A snapshot of Stauffer at midterms

Merits of people-watching in a building full of stressed-out students

Sometimes, nothing is more distracting to a studious student than other studious students.
Sometimes, nothing is more distracting to a studious student than other studious students.

On a small campus like Queen’s, there is always a sense of expected unexpectedness when you happen to see the same people every day. It always happens when you come to find your place on campus, where you feel completely comfortable, yet it surprises you when you notice other people have stumbled across the same niche.

For instance, in this midterm-crammed, essay-packed, assignment-jammed stage of my life, the library has become a second home to me. And it’s come to the point where I’ve started to feel a sort of nerdy connection with my library floormates. It’s a connection bred from the realization that they all are thinking the same thing, which goes along the lines of: “Why didn’t I start working earlier? Why do I not understand this? Why is my wireless connection dying on me? Why does my professor want to kill me? Why am I in this course? Why am I in university? WHY IS LIFE TRYING TO STEAL MY SOUL AWAY FROM ME?”

But there are the little differences between your library floormates that make you love and hate them at the same time.

There’s the sleeper—the one lounging on the cushy couches valiantly fighting the sleep-inducing agents of textbook drivel. Amused, you laugh—but inside, you know that could be you, two hours from now.

Next, there’s the dude playing computer games on his laptop. Captivated by full-screen high-definition graphics, cool bomb, gun and death special effects and oddly shaped main characters coated in armor, the player has lost contact with the rest of the world.

You may think it’s geeky, but wasn’t it just an hour ago, that you spent 45 minutes playing spider solitaire, determined to win at least 10 games in a row?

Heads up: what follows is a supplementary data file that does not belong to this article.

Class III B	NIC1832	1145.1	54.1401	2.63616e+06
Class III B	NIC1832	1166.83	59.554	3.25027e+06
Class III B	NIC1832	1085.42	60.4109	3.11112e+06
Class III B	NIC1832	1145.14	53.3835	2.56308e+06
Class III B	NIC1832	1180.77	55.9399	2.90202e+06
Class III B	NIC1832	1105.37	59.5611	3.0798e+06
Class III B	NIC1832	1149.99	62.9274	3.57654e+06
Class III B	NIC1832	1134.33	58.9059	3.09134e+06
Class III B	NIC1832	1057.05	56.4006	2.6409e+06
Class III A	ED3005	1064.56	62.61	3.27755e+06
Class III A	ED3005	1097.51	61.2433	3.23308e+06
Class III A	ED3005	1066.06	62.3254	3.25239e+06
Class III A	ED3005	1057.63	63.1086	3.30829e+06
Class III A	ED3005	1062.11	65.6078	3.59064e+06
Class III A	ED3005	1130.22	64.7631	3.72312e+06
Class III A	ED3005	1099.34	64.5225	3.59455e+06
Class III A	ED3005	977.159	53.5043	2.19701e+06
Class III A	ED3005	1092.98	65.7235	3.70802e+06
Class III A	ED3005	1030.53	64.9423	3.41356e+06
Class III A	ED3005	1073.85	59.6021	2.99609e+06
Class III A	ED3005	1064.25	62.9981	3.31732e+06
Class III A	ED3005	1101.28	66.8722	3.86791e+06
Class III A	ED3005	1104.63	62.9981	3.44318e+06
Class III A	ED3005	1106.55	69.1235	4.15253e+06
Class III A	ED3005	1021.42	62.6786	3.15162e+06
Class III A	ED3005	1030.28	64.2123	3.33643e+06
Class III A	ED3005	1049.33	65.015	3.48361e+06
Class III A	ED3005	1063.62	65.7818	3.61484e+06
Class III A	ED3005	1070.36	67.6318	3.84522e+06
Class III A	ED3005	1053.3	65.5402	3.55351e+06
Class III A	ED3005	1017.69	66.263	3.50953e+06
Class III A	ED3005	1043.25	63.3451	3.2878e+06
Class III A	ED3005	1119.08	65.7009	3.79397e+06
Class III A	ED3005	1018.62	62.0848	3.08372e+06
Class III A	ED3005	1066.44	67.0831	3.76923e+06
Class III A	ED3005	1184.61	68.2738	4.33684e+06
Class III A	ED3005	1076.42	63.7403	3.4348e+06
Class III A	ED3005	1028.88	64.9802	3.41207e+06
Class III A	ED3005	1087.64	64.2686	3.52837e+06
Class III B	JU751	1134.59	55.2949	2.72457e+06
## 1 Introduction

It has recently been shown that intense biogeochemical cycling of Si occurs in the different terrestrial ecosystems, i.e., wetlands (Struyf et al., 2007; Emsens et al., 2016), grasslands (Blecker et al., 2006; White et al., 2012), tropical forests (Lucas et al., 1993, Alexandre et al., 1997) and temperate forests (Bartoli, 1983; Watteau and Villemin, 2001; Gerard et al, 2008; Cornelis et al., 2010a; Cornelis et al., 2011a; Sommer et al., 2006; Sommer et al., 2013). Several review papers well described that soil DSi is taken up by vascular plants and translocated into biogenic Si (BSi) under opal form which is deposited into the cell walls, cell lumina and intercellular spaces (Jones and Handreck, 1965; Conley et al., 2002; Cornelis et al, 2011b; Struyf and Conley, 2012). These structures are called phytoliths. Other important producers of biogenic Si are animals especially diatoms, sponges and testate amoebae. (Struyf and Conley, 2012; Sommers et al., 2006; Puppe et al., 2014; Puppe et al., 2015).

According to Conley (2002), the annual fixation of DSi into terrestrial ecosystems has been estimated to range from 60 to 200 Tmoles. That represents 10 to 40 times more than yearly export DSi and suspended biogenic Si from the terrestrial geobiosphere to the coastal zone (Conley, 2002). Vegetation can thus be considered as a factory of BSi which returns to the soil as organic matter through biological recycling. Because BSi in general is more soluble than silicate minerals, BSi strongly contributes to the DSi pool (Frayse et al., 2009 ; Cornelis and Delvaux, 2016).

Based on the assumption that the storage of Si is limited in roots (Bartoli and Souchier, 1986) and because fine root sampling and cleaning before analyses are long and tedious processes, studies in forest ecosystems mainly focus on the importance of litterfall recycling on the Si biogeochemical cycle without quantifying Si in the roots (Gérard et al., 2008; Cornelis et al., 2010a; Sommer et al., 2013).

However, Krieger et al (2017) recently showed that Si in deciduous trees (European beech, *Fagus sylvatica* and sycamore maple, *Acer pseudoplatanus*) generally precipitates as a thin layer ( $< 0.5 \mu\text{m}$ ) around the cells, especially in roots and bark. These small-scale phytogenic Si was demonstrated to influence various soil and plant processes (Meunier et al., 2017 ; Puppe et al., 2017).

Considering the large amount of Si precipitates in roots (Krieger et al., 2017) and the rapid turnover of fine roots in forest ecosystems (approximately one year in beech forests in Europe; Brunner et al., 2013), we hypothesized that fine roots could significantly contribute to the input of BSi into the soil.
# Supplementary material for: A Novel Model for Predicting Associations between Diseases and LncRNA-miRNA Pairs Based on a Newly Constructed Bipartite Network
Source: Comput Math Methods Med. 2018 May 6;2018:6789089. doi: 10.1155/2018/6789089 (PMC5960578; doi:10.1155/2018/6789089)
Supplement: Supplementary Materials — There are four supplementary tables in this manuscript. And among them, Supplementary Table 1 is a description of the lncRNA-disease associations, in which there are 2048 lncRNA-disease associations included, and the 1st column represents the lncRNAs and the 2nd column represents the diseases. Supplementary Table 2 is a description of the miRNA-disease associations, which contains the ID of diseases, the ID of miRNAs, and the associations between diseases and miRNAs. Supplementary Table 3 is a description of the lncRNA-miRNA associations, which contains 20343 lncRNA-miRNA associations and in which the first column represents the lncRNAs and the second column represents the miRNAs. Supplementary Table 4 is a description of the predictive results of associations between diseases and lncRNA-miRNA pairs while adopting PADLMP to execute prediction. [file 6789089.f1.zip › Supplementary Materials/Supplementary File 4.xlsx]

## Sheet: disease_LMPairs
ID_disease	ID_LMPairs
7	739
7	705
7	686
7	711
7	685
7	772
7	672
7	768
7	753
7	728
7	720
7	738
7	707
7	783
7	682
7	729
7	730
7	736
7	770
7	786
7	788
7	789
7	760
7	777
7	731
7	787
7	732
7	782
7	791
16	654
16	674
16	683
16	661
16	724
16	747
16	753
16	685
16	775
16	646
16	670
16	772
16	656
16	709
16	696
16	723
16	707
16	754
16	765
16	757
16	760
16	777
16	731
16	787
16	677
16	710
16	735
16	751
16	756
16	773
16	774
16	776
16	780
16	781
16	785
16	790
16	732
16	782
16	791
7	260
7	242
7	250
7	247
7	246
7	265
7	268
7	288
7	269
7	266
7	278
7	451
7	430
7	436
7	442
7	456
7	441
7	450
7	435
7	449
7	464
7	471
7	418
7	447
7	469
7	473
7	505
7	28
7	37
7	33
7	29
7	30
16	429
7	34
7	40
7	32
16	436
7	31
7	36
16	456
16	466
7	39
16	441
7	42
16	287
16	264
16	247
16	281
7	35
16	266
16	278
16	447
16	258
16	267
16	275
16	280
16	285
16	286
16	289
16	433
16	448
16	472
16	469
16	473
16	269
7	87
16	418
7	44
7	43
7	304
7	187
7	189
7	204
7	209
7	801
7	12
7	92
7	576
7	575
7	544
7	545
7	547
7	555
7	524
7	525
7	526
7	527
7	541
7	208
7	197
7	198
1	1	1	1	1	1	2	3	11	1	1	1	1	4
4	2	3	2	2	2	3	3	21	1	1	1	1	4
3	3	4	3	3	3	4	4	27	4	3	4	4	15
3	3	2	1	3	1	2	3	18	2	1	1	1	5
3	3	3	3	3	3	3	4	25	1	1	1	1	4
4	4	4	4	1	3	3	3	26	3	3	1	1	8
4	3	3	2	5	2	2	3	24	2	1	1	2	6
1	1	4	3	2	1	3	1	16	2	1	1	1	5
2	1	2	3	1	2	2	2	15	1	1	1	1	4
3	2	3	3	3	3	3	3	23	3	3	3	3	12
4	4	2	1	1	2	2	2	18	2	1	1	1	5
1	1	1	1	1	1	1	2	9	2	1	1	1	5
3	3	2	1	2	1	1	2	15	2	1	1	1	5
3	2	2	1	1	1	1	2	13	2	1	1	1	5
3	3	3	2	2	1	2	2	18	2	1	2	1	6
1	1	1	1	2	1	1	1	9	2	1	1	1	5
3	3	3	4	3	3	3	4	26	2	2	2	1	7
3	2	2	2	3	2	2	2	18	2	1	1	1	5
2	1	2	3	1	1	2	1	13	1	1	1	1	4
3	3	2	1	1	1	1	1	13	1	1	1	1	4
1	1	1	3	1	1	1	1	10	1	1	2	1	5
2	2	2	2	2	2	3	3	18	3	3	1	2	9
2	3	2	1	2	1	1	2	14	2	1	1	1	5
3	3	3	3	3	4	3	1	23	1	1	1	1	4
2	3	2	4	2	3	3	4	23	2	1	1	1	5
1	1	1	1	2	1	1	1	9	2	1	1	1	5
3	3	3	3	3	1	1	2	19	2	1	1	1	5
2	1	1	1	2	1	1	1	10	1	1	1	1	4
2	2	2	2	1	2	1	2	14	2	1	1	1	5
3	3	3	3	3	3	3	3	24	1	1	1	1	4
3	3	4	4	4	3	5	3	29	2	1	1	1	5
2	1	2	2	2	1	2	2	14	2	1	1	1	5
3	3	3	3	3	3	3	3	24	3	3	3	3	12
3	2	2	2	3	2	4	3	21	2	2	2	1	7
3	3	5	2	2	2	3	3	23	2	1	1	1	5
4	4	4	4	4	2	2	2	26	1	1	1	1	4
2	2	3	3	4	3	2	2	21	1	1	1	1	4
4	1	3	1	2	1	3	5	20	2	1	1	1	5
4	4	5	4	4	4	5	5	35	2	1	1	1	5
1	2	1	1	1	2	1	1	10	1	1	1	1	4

Then there’s the couple. The “into-each-other” couple stealing kisses between textbook chapters makes you a) annoyed by the cheesiness of it all b) a little bit—though you’d never admit it to anyone you know—pathetically envious of how damn cute they are c) completely bewildered as to how the heck they manage to get any work done.

And then there’s the one who’s impossible to forget—the sniffer/cougher/throat clearer. She annoys the hell out of you. Didn’t you come to the library to get some peace and quiet? Shouldn’t it be one of the few sacred places where people should just not make noise? And then you develop a runny nose/cough/throat itch. Now you know how it feels.

All this makes you wonder: which category do you fall into? Sure, there are a lot more categories, and maybe—though unlikely—you’re not as annoying as your peers. But how do we ever really know? It’s a strange feeling to realize that people may judge you, just as you may judge them.

What’s even stranger is what happens when you’re having a bad day, the world is getting you down and someone bumps into you. You’re instantly incensed. Can’t that person walk in a straight line? What’s their problem? Don’t they know you’re pissed off?

But they don’t. And strangely enough, they might be thinking the exact same thing.

So although it’s hard to think straight or to dwell on anything but failing your midterm, messing up your assignments, and moping about how tough your life is, stop and think outside that box for a second. I’m not saying pull a Dr. Phil and try to psychoanalyze everyone you pass, but by just realizing that everyone’s in the same situation, you can breathe a little easier.

After all, if everyone’s as stressed as you, maybe you won’t fail, and will do brilliantly instead, because of the beauty that is the bell curve.

Word on the street is that people-watching is the new addictive form of procrastination. At least it’s healthier than consuming copious amounts of sugar and caffeine.

All final editorial decisions are made by the Editor(s)-in-Chief and/or the Managing Editor. Authors should not be contacted, targeted, or harassed under any circumstances. If you have any grievances with this article, please direct your comments to journal_editors@ams.queensu.ca.

When commenting, be considerate and respectful of writers and fellow commenters. Try to stay on topic. Spam and comments that are hateful or discriminatory will be deleted. Our full commenting policy can be read here.